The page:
FFE Magazine

Do you favor the kid-free zones of some airlines in their long haul flights?

Early this year AirAsia X, AirAsia’s long-haul branch, joined the array of airlines offering kid-free “quiet zones.” The airline’s new feature –complete with soft lighting and more leg room – have disallowed children less than 12 years old from sitting within the first seven rows of the economy class. According to AirAsia X’s press release, CEO Azran Osman-Rani said that this new venture targets passengers wanting some peace of mind.

AirAsia X’s kid-free zones may have been the right business move, as it has gained overwhelming support from many travelers.

According to a survey conducted by Jetcost.co.uk, 53% of 1,666 British adults opted for kid-free zones. Based on another poll by travel site Tripadvisor, over a third of Britons were willing to pay extra just to travel without the presence of children. In other websites and forums, folks have expressed their support over kid-free zones. One commenter by the name of DigDug2010 said,

“I will happily pay $50-$100 more each way if I was assured I would not be seated within five rows ahead or behind of some little hyper brat who isn’t controlled by his useless parents. In fact, airlines should all offer flights that are totally ‘child free.’ “If pets can survive in the cargo hold, so can ill-behaved kids…” 

Jonathon Stannard, a frequent flyer welcomed the idea too by saying,

“It’s about time. Economy is stressful enough without having to endure screeching kids and crying babies. It’s usually the parents’ fault – they rarely do much to control their children.”

It may come as a surprise, but even parents are relieved by the “quiet zone.” Trying to control a crying baby while sleeping passengers are around can be stressful as well as embarrassing for many parents. And for Cathy Winston from MummyTravels, kid-free zones would mean getting less reproachful looks from other passengers. She says sitting in an area where all the people around her had chosen to sit there would take some of her stress off.

Parents also prefer sitting outside of the kid-free zone knowing airlines are providing them with the appropriate infant and toddler amenities. For example, AirAsia X will be adding three baby bassinets to some of their economy sections.

Generally, travelers are happy about kid-free zones because they now have the option to journey peacefully. Mr. Osman-Rani said it himself that kid-free zones do not ban kids from traveling; that the new offering was about customizing preferences and providing “fair choice.”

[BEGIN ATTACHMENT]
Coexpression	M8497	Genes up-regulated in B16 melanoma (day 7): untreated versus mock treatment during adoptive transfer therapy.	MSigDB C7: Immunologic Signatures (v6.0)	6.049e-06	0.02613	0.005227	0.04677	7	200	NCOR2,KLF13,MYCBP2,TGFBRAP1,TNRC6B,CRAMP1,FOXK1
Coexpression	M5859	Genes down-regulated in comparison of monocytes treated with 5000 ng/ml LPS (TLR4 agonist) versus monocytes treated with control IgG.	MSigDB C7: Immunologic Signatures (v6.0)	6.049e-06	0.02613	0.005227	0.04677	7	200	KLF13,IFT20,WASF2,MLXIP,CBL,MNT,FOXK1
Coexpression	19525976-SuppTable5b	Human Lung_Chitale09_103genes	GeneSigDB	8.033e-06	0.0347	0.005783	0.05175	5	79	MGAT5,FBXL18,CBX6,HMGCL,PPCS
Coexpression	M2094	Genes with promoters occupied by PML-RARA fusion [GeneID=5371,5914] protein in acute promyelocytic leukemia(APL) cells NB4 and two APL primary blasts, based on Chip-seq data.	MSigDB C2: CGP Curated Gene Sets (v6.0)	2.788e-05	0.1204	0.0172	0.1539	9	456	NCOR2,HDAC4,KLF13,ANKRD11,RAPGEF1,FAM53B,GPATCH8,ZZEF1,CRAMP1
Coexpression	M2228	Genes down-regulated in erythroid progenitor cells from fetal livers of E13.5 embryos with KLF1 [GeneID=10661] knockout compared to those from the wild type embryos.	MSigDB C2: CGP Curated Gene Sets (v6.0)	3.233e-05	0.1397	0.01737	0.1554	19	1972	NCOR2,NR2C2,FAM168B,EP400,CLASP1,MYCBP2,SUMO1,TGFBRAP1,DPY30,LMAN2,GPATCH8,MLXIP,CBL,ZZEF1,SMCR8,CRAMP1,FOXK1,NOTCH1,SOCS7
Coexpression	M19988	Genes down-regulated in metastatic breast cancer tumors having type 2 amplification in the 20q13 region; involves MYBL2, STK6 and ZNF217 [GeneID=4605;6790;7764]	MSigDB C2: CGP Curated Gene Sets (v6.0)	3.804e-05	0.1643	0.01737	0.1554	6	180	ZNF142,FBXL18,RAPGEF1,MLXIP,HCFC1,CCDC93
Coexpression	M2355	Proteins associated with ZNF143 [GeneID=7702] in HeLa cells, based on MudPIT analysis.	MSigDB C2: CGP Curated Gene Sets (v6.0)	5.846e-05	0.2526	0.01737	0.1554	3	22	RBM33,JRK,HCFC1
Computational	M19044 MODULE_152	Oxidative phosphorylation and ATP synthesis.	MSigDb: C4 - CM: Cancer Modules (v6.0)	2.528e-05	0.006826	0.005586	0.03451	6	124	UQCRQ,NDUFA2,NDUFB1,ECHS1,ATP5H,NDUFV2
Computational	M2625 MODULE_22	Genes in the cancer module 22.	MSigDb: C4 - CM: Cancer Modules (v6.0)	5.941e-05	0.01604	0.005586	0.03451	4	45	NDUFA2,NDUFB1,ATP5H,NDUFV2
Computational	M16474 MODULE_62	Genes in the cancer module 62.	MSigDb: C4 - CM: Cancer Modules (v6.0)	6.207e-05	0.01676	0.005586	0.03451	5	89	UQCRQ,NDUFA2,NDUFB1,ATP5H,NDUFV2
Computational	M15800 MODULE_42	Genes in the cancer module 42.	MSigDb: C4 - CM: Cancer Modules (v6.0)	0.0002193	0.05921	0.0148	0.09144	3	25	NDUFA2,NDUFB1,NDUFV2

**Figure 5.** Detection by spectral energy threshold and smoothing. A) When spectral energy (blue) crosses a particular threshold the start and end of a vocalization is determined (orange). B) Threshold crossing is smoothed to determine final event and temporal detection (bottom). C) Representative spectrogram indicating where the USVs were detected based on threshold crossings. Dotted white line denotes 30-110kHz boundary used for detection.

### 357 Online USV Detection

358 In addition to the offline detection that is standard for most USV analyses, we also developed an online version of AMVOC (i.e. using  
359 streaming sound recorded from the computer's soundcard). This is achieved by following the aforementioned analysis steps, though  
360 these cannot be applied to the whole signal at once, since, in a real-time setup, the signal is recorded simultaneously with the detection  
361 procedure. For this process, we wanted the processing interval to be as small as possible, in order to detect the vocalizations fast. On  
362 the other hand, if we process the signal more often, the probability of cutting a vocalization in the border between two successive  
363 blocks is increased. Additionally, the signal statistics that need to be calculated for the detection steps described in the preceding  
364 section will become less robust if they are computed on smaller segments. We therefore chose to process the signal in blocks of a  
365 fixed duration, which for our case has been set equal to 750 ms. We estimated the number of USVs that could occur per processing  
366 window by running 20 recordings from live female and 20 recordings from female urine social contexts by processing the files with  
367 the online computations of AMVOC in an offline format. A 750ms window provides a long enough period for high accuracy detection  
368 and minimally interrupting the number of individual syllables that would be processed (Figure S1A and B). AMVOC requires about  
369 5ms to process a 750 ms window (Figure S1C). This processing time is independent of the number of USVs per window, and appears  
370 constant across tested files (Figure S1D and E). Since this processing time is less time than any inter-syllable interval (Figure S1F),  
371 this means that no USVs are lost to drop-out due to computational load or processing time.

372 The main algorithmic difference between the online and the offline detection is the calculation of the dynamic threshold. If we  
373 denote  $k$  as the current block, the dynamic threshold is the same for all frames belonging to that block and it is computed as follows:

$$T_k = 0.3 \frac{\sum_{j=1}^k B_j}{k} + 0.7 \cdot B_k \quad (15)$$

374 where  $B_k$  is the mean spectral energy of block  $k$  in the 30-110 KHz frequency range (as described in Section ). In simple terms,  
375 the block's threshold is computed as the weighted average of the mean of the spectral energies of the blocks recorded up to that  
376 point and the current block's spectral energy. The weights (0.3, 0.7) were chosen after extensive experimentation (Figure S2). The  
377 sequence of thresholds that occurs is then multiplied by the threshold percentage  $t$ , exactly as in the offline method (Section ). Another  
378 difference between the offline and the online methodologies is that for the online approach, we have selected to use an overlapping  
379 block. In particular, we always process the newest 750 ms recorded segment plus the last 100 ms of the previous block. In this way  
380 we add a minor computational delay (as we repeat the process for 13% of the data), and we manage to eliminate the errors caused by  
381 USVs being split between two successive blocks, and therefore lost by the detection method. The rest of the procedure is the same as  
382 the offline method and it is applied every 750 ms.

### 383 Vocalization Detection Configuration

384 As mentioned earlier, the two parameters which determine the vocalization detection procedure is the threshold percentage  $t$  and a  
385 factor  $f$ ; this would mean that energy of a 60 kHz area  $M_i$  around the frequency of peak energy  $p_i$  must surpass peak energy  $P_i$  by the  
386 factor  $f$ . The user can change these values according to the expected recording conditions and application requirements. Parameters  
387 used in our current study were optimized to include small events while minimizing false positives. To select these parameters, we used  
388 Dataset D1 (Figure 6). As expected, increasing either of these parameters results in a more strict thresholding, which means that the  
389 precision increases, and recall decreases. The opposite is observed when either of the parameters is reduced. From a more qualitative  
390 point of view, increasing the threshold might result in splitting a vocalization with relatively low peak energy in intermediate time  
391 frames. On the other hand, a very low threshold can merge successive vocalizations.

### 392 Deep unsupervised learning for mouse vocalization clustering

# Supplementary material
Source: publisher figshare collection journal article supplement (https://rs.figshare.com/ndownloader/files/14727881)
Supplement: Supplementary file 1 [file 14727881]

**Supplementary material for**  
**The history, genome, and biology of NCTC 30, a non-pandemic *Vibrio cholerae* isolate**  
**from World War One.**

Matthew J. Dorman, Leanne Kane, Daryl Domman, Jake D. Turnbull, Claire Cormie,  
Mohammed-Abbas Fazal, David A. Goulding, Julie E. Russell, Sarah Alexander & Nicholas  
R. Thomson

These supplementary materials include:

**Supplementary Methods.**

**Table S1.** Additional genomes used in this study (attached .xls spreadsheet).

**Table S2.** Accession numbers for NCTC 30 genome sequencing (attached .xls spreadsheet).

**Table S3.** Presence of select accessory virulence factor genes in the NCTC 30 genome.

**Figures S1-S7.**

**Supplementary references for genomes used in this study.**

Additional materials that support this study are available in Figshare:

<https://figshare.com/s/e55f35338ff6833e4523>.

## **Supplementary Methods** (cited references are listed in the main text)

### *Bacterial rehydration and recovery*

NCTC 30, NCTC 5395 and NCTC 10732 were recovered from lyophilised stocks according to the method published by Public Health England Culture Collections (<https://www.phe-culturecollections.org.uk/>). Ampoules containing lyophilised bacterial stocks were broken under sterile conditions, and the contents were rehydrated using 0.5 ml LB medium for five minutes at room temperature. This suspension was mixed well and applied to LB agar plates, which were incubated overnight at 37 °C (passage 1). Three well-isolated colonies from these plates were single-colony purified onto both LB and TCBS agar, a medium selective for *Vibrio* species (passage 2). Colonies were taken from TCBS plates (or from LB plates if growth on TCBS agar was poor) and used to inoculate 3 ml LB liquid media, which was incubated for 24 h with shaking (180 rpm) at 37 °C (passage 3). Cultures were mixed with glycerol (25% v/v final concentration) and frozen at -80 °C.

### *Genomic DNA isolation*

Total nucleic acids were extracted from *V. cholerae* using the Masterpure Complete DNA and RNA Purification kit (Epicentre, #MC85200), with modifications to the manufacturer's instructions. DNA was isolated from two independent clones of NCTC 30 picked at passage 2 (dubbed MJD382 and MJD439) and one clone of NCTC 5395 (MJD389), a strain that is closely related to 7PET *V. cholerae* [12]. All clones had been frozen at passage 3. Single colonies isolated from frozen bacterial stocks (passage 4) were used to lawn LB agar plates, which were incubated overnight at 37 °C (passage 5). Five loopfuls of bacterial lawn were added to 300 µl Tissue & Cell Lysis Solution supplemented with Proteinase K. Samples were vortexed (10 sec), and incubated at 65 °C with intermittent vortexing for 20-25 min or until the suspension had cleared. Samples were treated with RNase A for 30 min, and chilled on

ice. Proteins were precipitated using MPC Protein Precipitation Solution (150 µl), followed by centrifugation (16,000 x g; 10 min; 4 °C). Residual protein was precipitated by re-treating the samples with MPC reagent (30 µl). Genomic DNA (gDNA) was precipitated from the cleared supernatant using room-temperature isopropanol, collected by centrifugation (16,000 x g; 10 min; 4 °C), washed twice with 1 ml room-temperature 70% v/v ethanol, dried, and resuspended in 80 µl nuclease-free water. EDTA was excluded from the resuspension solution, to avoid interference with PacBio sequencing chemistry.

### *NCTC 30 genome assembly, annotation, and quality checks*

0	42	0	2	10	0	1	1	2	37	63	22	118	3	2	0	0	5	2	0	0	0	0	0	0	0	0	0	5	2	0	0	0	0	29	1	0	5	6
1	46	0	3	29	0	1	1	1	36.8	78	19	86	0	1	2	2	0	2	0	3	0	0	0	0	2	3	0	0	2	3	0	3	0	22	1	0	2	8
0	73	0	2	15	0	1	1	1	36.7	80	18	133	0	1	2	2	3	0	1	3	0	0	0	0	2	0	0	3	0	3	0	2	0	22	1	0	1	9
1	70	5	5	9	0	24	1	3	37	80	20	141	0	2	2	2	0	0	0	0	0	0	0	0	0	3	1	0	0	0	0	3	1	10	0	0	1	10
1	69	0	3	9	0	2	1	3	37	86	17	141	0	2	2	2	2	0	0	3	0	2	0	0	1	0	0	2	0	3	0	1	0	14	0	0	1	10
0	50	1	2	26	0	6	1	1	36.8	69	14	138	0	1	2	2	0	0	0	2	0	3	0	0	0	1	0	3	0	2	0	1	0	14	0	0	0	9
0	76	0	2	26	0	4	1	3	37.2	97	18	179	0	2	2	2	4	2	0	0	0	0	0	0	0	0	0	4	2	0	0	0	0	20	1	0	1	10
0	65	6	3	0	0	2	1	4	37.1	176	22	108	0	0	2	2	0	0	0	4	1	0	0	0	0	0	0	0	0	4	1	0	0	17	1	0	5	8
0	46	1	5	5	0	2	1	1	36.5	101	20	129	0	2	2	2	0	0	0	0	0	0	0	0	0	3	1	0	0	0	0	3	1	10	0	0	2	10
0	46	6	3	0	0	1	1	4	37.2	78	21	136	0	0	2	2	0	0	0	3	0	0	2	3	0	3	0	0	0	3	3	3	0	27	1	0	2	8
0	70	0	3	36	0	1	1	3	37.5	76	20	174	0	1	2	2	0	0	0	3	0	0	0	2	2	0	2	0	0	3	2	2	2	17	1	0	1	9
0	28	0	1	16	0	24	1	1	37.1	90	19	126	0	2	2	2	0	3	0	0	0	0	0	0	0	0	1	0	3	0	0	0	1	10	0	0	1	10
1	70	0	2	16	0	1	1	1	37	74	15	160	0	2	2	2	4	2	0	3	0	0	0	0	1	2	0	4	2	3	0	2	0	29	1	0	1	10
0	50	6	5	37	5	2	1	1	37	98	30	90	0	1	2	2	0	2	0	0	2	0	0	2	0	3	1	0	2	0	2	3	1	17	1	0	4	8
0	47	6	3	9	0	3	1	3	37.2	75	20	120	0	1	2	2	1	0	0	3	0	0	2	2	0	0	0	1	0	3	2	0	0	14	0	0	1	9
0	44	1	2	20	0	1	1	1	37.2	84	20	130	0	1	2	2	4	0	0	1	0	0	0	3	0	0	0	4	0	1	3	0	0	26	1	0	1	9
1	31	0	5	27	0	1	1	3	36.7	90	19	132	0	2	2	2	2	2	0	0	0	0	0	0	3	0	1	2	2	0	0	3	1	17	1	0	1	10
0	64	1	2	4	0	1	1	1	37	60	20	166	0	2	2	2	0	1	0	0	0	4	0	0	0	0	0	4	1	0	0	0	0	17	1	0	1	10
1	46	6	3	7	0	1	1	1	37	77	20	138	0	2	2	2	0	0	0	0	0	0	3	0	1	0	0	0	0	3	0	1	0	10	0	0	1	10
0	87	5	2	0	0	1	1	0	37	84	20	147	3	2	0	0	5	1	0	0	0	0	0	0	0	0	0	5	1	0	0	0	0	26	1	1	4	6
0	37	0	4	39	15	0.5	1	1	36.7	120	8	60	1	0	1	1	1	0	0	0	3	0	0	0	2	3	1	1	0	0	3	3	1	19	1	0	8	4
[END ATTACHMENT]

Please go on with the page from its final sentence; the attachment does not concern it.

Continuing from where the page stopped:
Yet when talking about “fair choice” other travelers, especially those with children, felt they were not given the option to choose. Many parents and families actually feel segregated for being required to sit in the assigned area. Even elite travelers who want to stay in business class with their children cannot do so anymore, as in the case of Malaysia Airlines’ standard on kid-free first class cabins.  Some have called the new feature insensitive and unfair, since there is no separate compartment for noisy adult passengers who play earsplitting music or those whosnore loudly. Arnie, a commenter on a news website, refuted pro kid-free zone supporters saying,

“We were all kids and most of us have kids. You can deal with it. What about the fat people? The smelly people? The guy who turns his light on when it is dark so you can’t sleep? The person who reclines their seat in coach? We all have issues with each other,” wrote Arnie.

Other said the new feature was futile since toilets, bulkheads, curtain partitions, several seating rows – the only things separating the families and kid-free zones – were not enough to block off any clamor especially if you were in a tight and condensed space. George Hobica of Airfarewatchdog.com used the analogy of cigarette smoke, wafting into non-smoking areas, to support this. He said,

“If you were just one row away from the smoking section, you still got the smoke… And you’ll still hear the screams … if a child has strong lungs.”

Another commenter known as markbaeg agreed,

“Funny thing about sound. … It can carry a long distance — say the length of a fuselage.” 

Budget travelers without children also commented on the extra charges. They said they found the additional cost of $11.32 for kid-free zones, as in the case of AirAsia X, too expensive.

On one hand, kid-free “quiet” zones have made peaceful journeys a possibility. On the other, it may not have fully been sensitive towards families and parents. To avoid further conflict, perhaps airlines need to compromise, and make kid-free zones, well, kid-friendlier.  Perhaps lowering the age for the “quiet” zones (from 12 years old) to 7 is better, given that seven-year-olds do not bawl uncontrollably anymore. Adults traveling alone might find this more convenient as well, since seven-year-old seatmates are still too small to hog the armrest or occupy the space intended for you. Furthermore, with all the gadgets available nowadays, kids as young as seven can easily be entertained, and kept busy and quiet.

For some tips on managing children during travels, read “Bringing the kids along”

 


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